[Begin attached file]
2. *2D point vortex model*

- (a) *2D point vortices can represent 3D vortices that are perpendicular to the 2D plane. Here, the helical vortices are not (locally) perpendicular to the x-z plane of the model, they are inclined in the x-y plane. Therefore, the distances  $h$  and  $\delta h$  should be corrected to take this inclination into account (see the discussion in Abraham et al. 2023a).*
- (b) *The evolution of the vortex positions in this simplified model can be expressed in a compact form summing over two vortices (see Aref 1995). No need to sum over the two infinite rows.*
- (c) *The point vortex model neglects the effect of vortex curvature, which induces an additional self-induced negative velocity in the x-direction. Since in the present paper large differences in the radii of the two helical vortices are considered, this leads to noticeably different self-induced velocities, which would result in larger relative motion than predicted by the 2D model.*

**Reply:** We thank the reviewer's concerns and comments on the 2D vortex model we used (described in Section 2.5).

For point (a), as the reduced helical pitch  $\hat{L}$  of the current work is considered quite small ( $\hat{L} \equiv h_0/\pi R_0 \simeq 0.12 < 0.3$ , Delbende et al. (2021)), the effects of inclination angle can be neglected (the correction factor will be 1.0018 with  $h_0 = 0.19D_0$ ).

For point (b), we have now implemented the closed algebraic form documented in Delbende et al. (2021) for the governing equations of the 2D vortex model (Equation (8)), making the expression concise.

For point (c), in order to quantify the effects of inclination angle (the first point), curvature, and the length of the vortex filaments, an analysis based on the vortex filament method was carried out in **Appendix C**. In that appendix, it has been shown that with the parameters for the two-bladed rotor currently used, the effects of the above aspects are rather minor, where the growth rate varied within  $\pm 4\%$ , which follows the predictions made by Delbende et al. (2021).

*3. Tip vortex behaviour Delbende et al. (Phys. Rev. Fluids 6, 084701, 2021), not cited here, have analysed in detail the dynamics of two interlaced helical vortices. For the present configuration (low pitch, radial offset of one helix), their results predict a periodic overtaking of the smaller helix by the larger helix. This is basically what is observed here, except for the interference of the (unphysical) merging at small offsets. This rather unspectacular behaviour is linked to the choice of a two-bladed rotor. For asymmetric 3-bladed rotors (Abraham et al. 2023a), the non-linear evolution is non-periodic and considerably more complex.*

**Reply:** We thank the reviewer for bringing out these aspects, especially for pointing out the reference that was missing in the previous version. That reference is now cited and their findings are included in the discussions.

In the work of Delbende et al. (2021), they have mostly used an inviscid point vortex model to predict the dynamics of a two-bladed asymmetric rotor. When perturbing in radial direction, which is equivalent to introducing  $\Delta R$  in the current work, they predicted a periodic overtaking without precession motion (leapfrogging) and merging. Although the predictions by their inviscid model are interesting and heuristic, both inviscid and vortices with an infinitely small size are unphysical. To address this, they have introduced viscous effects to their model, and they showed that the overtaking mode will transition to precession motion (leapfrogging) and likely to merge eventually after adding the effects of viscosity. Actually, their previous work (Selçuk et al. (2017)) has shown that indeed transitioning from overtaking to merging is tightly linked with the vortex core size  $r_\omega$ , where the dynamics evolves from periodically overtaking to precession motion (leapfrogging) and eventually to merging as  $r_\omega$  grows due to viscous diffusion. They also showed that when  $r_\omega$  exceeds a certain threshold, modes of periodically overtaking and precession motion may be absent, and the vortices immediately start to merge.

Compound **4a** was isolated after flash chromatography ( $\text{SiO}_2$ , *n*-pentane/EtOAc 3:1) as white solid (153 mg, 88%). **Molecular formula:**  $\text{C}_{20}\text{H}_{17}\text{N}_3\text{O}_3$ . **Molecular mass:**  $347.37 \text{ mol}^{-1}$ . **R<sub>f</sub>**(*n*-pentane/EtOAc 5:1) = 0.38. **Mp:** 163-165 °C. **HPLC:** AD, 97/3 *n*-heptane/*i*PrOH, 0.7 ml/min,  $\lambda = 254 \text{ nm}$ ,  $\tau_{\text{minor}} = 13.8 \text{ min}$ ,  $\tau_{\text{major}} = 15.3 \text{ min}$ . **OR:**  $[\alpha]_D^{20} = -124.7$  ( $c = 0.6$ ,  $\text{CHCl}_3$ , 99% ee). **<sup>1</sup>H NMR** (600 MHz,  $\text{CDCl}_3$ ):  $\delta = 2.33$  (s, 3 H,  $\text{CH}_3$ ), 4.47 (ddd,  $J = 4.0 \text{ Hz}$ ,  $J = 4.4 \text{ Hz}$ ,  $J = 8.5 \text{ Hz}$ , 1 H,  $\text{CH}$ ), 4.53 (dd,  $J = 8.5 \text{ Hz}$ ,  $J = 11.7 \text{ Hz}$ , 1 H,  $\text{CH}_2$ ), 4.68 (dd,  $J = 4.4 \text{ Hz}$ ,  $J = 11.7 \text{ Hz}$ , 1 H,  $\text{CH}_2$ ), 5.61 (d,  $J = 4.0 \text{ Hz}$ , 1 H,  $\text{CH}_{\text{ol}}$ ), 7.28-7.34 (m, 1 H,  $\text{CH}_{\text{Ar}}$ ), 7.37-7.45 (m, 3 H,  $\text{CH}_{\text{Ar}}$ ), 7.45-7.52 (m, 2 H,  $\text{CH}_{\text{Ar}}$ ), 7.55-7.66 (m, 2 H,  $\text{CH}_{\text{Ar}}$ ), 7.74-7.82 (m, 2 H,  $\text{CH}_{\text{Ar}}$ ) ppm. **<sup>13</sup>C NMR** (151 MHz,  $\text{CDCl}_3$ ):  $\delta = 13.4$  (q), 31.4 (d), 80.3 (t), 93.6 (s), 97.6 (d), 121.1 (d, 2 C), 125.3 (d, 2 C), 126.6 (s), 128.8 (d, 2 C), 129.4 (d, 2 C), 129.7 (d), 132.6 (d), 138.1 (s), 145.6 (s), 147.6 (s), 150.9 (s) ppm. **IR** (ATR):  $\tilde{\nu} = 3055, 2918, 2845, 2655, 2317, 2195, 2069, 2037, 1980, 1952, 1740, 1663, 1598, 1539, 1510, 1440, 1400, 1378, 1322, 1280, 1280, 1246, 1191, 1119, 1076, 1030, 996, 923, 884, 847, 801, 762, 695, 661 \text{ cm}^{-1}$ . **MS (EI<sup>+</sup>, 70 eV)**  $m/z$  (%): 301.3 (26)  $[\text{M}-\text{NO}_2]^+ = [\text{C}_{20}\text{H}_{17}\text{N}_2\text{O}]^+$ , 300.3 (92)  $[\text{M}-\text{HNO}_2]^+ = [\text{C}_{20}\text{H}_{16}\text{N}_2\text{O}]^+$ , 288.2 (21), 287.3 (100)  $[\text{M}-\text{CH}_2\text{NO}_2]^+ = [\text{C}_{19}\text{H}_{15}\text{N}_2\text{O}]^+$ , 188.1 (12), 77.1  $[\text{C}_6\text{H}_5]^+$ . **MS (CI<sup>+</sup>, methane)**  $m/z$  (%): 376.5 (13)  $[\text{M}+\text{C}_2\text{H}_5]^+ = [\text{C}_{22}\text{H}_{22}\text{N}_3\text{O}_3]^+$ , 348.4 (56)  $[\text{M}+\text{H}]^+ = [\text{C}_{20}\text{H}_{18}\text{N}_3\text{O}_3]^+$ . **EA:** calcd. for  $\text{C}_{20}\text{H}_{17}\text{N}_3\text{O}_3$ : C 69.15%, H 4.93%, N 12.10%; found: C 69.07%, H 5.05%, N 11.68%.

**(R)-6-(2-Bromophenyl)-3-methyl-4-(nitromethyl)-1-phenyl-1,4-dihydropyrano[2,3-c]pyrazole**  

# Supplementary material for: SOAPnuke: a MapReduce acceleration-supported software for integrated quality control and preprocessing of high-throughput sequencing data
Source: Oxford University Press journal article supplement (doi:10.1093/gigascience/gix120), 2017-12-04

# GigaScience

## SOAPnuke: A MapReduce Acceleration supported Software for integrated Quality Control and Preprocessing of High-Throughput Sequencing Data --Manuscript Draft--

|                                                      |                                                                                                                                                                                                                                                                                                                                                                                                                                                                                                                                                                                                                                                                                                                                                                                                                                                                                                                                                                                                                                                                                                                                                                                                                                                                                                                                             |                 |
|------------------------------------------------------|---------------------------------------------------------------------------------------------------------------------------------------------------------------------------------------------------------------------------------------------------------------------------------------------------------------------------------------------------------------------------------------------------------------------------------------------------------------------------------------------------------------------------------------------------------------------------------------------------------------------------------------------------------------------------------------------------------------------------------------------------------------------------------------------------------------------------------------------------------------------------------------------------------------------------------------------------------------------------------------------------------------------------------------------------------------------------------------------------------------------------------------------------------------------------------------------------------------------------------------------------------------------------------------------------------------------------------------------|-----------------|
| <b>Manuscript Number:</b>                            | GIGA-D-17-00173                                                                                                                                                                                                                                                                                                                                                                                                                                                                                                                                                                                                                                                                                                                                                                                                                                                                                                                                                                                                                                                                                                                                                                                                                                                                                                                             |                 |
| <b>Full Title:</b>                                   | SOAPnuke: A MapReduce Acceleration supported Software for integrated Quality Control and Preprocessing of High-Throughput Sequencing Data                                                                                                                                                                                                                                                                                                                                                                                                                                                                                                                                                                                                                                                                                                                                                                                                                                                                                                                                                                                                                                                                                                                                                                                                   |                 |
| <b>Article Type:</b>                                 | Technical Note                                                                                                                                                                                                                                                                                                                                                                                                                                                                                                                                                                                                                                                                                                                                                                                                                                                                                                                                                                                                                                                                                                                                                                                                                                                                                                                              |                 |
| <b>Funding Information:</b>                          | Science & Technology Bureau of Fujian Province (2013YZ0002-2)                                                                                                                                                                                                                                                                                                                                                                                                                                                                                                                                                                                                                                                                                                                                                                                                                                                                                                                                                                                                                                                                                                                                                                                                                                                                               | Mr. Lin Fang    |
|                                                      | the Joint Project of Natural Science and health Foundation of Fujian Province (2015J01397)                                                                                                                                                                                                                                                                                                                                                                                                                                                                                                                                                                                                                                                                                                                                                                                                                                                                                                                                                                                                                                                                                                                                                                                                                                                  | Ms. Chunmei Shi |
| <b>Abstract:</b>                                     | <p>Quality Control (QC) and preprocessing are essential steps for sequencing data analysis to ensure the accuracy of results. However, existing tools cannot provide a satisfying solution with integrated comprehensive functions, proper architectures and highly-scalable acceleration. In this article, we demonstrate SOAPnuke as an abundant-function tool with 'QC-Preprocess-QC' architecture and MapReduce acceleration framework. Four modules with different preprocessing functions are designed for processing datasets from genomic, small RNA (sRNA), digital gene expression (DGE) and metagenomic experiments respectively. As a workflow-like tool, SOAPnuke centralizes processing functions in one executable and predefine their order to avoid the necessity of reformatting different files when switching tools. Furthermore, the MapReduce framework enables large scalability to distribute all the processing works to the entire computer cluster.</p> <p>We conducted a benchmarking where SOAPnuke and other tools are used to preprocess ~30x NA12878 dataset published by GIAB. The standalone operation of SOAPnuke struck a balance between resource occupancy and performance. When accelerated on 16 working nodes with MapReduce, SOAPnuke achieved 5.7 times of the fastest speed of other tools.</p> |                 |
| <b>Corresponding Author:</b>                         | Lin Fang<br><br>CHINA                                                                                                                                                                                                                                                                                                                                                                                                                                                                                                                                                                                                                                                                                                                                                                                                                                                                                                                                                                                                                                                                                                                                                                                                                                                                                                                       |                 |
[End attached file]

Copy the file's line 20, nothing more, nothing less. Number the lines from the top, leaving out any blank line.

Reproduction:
| <b>Manuscript Number:</b>                            | GIGA-D-17-00173                                                                                                                                                                                                                                                                                                                                                                                                                                                                                                                                                                                                                                                                                                                                                                                                                                                                                                                                                                                                                                                                                                                                                                                                                                                                                                                             |                 |